An independent review into the country's national ballet company has found no issues with its working culture despite previous allegations of workplace bullying and reports of an exodus of unhappy dancers.

The review was commissioned amid speculation of a poor working culture at the Royal New Zealand Ballet after it was reported close to half of the 36 dancers it employed were leaving, and not all by choice, at the end of 2017.

The substance of any specific allegations made or the responses to them were not within the scope of the review, which looked more at how complaints had been managed and its general working policies.

It was the second year in a row there were reports of artistic upheaval at the company, which had seen three artistic directors at its helm in as many years.


Former Deputy State Services Commissioner Doug Craig conducted the review of the working culture at the Royal New Zealand Ballet and found while its working policies were sound, there was some room for improvement.

Craig said in the report published today that it was important to note that any complaints by themselves were not an indication of organisational failure or poor workplace culture.

"The RNZB has a long history of significantly high artistic output and a world-class reputation for consistently developing and performing outstanding productions.

"There are inherent stresses, including competition for roles and a constant striving for peak performance that make it inevitable that from time to time people may feel like they have not been treated fairly nor been given the opportunity to perform at their best."

Craig said in his report the RNZB needed to therefore develop policies and procedures that took these unique factors into account and create the culture it sought to establish at the company.

He made eleven recommendations, including one to employ a dedicated director of people and culture that could be the "first port of call" for staff to seek advice on any difficulties they were facing.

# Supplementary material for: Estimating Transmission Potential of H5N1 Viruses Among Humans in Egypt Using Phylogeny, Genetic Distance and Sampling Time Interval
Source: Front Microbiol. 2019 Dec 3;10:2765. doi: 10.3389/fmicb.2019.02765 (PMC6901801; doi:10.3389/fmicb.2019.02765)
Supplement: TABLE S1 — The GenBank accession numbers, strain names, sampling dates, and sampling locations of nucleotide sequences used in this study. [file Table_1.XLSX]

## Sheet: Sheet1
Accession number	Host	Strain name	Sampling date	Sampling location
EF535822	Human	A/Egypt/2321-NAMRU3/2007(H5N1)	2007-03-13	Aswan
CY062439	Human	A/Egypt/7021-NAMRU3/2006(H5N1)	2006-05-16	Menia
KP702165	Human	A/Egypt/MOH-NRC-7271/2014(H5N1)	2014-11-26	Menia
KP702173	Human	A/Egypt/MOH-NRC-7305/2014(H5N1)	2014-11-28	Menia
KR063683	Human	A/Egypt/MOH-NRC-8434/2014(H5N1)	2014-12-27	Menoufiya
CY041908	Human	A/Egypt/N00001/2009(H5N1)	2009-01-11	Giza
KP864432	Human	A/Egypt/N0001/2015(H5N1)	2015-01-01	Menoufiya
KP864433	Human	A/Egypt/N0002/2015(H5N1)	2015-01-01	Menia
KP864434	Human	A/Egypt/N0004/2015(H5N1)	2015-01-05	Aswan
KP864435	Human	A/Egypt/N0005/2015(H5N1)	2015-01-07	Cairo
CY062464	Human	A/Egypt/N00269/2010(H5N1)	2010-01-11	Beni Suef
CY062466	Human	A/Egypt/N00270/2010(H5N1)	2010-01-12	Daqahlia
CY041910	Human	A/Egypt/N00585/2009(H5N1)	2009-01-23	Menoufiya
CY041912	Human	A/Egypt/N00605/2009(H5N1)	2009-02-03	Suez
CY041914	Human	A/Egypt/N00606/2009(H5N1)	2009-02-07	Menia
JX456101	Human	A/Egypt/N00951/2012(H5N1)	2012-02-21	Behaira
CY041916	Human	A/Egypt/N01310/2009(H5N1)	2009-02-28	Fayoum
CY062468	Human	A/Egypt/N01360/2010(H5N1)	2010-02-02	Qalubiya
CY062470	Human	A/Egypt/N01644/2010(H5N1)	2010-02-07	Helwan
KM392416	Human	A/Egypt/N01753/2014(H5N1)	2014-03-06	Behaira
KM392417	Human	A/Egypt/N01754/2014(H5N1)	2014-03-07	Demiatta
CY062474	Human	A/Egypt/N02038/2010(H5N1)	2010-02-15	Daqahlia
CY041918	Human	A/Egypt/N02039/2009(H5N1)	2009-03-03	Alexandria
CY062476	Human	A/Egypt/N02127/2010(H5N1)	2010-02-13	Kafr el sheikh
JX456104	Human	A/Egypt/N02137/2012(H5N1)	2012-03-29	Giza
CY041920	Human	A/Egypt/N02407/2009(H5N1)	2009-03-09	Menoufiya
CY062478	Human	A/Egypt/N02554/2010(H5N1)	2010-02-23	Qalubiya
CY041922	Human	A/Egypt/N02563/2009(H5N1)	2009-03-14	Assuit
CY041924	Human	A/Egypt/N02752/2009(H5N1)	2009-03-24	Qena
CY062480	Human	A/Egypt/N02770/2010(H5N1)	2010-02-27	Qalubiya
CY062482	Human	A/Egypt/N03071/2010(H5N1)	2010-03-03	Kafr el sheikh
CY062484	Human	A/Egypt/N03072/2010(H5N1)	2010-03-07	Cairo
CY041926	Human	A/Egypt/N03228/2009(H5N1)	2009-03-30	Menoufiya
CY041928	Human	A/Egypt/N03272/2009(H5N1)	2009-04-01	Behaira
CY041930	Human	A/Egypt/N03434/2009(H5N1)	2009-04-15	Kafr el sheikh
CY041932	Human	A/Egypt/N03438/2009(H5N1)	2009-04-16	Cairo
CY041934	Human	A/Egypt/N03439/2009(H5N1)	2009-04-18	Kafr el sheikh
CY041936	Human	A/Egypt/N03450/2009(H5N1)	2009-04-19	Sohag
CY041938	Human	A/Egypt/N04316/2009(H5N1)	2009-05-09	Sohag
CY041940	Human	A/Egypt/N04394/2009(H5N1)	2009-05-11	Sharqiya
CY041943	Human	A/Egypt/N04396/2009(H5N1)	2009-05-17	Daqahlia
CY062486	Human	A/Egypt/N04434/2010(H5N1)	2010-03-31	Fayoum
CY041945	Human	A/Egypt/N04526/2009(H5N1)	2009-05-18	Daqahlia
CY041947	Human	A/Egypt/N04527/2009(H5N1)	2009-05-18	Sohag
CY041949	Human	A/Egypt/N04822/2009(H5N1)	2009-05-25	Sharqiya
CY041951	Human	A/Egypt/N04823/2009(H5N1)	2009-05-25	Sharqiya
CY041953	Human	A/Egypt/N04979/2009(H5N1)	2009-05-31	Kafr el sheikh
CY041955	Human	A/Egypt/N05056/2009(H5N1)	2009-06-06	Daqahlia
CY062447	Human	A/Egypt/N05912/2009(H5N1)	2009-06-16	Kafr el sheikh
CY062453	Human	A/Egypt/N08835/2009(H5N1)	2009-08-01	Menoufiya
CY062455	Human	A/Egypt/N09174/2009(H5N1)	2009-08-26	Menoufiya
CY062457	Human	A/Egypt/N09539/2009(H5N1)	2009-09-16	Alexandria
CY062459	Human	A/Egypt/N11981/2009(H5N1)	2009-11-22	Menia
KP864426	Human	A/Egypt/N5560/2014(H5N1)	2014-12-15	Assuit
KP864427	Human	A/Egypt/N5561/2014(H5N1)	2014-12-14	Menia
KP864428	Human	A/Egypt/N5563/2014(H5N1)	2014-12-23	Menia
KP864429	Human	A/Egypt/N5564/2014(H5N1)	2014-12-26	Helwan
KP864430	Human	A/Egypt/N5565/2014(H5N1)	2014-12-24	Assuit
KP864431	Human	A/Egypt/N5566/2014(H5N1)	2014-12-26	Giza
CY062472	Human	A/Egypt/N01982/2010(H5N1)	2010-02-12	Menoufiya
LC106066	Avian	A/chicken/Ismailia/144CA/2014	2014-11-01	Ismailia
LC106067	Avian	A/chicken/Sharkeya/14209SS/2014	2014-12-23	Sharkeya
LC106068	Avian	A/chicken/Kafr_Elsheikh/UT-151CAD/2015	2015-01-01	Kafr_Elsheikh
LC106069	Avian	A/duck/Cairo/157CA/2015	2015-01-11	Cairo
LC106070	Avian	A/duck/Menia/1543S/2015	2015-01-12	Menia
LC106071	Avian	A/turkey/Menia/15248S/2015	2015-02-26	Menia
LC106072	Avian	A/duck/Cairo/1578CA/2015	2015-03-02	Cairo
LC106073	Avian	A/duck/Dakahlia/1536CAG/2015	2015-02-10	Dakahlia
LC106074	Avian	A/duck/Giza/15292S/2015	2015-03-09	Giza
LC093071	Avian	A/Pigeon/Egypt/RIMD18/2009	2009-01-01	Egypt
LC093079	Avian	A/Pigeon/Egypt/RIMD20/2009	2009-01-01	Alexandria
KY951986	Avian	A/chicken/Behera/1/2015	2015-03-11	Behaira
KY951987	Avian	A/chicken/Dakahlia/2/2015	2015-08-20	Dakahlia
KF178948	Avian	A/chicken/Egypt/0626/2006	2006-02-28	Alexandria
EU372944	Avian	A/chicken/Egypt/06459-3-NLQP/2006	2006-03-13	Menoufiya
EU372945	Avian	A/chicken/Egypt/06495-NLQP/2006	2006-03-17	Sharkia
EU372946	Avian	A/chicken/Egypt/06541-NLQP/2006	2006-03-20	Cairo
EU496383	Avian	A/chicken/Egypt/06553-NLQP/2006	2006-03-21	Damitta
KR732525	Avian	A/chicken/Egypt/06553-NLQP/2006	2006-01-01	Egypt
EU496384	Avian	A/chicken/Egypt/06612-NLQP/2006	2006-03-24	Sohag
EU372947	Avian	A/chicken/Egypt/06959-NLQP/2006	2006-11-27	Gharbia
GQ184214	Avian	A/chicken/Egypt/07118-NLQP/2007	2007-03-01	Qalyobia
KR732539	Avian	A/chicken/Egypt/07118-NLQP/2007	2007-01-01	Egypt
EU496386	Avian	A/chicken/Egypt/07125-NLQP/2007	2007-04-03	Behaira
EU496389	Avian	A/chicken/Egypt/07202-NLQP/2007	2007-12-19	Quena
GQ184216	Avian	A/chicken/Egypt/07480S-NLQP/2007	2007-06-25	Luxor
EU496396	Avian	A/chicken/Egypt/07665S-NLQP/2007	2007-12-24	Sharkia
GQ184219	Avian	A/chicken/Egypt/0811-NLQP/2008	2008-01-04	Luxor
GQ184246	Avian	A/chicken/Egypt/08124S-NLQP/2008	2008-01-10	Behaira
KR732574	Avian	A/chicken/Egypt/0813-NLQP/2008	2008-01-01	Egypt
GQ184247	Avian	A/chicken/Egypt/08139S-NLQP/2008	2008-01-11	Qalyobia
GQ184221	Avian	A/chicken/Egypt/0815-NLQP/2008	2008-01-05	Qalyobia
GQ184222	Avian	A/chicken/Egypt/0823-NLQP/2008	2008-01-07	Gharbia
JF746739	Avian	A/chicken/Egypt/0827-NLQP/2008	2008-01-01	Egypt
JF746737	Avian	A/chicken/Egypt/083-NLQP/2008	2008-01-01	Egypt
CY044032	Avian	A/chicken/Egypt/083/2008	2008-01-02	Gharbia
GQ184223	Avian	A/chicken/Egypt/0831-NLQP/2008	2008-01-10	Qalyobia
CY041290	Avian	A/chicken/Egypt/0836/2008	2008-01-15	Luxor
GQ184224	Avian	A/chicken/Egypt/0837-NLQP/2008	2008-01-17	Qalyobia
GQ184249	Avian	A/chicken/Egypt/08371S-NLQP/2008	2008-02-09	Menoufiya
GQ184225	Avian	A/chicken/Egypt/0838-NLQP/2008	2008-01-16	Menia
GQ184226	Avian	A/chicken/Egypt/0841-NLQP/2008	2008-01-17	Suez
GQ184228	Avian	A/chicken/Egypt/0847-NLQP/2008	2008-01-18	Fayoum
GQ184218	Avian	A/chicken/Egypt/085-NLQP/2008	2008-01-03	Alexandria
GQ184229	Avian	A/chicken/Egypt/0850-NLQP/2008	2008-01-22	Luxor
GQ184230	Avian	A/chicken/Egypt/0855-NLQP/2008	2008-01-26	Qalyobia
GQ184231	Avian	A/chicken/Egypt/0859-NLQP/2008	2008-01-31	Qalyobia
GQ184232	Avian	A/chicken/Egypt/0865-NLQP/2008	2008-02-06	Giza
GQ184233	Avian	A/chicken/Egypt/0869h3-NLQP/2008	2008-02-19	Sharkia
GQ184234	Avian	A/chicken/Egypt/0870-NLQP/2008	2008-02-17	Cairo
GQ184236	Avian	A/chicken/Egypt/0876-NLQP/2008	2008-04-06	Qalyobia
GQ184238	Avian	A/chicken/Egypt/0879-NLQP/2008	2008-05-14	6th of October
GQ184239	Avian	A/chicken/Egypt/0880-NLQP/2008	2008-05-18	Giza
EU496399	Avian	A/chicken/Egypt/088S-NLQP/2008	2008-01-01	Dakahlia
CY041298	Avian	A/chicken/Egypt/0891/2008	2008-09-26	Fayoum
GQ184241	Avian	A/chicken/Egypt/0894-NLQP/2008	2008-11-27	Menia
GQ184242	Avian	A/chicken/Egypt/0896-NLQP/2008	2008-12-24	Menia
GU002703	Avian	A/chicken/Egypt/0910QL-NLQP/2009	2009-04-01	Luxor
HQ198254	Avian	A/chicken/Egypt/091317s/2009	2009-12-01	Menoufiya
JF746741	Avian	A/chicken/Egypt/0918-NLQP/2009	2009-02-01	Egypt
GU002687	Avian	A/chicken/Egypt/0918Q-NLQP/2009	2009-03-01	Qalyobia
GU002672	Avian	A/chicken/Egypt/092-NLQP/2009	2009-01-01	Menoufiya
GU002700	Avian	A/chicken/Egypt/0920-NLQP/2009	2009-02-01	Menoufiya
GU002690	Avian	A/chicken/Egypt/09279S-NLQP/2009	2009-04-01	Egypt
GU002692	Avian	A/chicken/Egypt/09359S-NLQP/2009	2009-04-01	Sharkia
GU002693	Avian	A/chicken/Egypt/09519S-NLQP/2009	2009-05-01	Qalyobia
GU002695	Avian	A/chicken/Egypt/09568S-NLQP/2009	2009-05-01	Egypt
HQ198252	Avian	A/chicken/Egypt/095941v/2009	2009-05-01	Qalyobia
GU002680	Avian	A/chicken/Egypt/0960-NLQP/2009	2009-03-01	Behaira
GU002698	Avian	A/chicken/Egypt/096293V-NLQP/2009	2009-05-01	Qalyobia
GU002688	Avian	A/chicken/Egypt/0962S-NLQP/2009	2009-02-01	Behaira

Craig also noted turnover of key staff, such as the artistic director, executive director, and the ballet mistress and mistresses during the period reviewed could have been unsettling.

He said it could have created a "loss of institutional knowledge about 'how do we do things around here'."


Craig added new personnel needed time to understand the culture and values of the organisation and this carried with it a risk this may be misjudged.

Other recommendations Craig made in the review included a review of all the company policies, conflict training for management staff and the commission of a programme of work aimed at building a sustainable and enduring culture founded on the RNZB values.

RNZB chair Steven Fyfe said the company accepted all the findings and would be working with its staff to implement the recommendations.

Reports of the artistic upheavals at the company date back to 2016 when it was reported as many as 12 dancers and other staff left the classical ballet company - three or four of them due to issues with the then-artistic director of almost three years Franceso Ventriglia.

Less than six months later Ventriglia handed over the helm to Patricia Barker, formerly artistic director of Grand Rapids Ballet in Michigan in the United States, who then faced accusations of favouritism after she hired colleagues from her former company.

At the end of 2017 16 left, though RNZB media spokesman Jeremy Brick said at the time this was not a "mass exodus" and said most were leaving by choice to other companies or other careers.

The subsequent criticism of the company and concerns it was not doing enough to hire local talent stopped short of pulling the new Prime Minister into the ring.

But Jacinda Ardern said late last year she was "keeping an eye on the issue".

Ardern said the pathways into a career in the arts could be improved.

"What we're doing to support the flow of New Zealand dancers is equally something we should turn our minds to."